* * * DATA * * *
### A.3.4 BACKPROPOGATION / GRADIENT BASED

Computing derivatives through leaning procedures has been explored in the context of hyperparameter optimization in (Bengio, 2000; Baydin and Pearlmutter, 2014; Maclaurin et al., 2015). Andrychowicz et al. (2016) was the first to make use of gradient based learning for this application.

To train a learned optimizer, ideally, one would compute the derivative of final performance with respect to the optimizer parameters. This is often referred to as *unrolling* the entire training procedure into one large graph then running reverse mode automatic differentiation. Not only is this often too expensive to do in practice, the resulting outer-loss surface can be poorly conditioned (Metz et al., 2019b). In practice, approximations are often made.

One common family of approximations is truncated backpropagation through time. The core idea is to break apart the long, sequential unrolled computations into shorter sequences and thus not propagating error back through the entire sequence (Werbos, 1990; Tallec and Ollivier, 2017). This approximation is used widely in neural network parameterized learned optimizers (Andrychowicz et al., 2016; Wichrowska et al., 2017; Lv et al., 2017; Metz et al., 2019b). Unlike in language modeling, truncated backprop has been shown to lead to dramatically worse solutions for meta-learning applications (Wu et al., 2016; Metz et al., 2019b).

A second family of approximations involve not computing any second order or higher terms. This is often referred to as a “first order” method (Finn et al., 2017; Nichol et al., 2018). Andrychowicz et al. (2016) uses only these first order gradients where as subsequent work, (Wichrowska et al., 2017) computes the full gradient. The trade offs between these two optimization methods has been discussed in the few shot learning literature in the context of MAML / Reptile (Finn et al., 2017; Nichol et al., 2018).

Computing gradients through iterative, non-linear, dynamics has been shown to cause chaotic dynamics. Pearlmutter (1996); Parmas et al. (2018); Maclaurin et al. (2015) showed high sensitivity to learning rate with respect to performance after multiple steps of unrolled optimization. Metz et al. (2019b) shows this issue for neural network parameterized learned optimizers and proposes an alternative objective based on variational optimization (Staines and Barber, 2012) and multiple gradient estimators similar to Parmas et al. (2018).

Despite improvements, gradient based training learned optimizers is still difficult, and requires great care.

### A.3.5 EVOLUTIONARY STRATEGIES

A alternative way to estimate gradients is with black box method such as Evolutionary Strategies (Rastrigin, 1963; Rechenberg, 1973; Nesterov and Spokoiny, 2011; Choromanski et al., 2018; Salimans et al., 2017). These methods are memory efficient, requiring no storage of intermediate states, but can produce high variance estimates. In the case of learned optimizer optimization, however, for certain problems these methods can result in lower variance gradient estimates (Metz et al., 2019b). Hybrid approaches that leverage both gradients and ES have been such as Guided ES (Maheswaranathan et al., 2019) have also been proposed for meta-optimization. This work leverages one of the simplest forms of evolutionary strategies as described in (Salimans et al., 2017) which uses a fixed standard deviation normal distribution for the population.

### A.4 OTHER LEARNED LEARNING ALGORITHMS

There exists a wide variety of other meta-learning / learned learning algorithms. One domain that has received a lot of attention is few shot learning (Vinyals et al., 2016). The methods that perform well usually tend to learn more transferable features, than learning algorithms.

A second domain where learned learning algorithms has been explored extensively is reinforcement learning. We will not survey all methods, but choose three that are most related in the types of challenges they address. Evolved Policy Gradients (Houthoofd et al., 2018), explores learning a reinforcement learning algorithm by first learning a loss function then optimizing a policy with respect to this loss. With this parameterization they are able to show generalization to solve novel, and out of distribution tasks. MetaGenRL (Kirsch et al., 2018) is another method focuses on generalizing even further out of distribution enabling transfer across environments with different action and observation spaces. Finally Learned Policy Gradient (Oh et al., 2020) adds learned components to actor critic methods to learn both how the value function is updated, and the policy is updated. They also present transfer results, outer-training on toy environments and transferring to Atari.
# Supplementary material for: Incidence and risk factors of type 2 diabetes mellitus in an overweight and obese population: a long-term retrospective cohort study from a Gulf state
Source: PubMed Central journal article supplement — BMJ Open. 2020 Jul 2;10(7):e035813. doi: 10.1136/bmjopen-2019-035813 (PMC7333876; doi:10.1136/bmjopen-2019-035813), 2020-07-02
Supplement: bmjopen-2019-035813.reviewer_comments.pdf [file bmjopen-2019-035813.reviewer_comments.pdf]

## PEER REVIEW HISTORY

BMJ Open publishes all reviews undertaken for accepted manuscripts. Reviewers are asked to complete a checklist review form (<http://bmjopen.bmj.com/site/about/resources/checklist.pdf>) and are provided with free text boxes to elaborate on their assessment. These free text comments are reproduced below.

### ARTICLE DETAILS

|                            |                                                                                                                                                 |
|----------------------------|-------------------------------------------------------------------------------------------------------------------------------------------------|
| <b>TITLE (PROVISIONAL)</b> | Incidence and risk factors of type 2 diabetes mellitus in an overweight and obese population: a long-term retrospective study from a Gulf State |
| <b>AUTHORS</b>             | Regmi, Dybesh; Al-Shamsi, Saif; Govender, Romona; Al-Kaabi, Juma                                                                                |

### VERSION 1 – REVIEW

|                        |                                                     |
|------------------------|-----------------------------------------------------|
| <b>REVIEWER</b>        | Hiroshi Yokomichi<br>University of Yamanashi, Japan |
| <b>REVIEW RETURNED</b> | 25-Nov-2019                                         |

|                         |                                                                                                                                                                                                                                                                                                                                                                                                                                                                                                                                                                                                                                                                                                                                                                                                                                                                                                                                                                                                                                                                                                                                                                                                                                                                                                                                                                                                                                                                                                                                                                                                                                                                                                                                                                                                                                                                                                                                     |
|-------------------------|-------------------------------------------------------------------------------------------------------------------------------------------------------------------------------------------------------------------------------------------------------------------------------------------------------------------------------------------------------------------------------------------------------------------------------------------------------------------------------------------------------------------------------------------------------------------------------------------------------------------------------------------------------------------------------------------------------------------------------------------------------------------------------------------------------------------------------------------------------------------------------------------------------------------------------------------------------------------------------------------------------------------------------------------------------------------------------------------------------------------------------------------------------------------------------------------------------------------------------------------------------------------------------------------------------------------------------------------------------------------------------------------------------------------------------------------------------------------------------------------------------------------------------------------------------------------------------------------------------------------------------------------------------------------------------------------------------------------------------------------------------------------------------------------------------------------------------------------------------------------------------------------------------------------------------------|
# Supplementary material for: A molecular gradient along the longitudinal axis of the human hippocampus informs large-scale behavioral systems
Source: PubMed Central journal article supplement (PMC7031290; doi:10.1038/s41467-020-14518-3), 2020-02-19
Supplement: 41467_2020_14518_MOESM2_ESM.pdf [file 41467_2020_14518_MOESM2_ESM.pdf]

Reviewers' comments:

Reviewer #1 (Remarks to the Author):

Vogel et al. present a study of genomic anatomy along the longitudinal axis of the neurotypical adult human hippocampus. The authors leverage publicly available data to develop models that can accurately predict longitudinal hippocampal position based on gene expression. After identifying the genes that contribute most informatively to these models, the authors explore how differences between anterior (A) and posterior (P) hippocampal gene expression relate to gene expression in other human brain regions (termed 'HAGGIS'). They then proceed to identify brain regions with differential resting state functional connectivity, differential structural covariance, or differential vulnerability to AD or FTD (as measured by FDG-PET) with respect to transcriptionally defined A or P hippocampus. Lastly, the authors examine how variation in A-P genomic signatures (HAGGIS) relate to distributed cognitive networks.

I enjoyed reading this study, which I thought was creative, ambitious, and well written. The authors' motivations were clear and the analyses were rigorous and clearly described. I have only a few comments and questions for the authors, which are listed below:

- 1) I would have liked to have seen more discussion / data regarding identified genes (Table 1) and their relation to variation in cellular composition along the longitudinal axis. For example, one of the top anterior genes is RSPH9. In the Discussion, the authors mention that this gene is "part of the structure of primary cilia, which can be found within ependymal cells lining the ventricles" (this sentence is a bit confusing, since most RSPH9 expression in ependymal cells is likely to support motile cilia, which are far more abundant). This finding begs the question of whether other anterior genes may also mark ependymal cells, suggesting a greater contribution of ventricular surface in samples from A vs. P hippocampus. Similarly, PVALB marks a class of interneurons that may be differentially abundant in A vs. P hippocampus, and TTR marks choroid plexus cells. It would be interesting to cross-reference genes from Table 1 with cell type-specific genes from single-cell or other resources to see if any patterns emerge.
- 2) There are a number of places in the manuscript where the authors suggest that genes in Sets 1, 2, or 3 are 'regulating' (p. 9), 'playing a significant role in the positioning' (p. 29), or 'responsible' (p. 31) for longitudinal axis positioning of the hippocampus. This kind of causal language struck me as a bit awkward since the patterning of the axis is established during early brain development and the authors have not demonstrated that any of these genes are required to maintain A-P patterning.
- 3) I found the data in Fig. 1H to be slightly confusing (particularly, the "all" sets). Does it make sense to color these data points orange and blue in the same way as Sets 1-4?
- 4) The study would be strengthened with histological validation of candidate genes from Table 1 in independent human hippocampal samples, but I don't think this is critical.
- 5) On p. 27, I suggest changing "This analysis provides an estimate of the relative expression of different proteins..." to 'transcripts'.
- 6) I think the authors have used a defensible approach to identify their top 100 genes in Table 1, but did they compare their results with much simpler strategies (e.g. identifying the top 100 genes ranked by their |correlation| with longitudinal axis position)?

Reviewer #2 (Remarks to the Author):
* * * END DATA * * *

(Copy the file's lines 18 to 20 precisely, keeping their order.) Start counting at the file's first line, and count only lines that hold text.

### ARTICLE DETAILS

|                            |                                                                                                                                                 |
|----------------------------|-------------------------------------------------------------------------------------------------------------------------------------------------|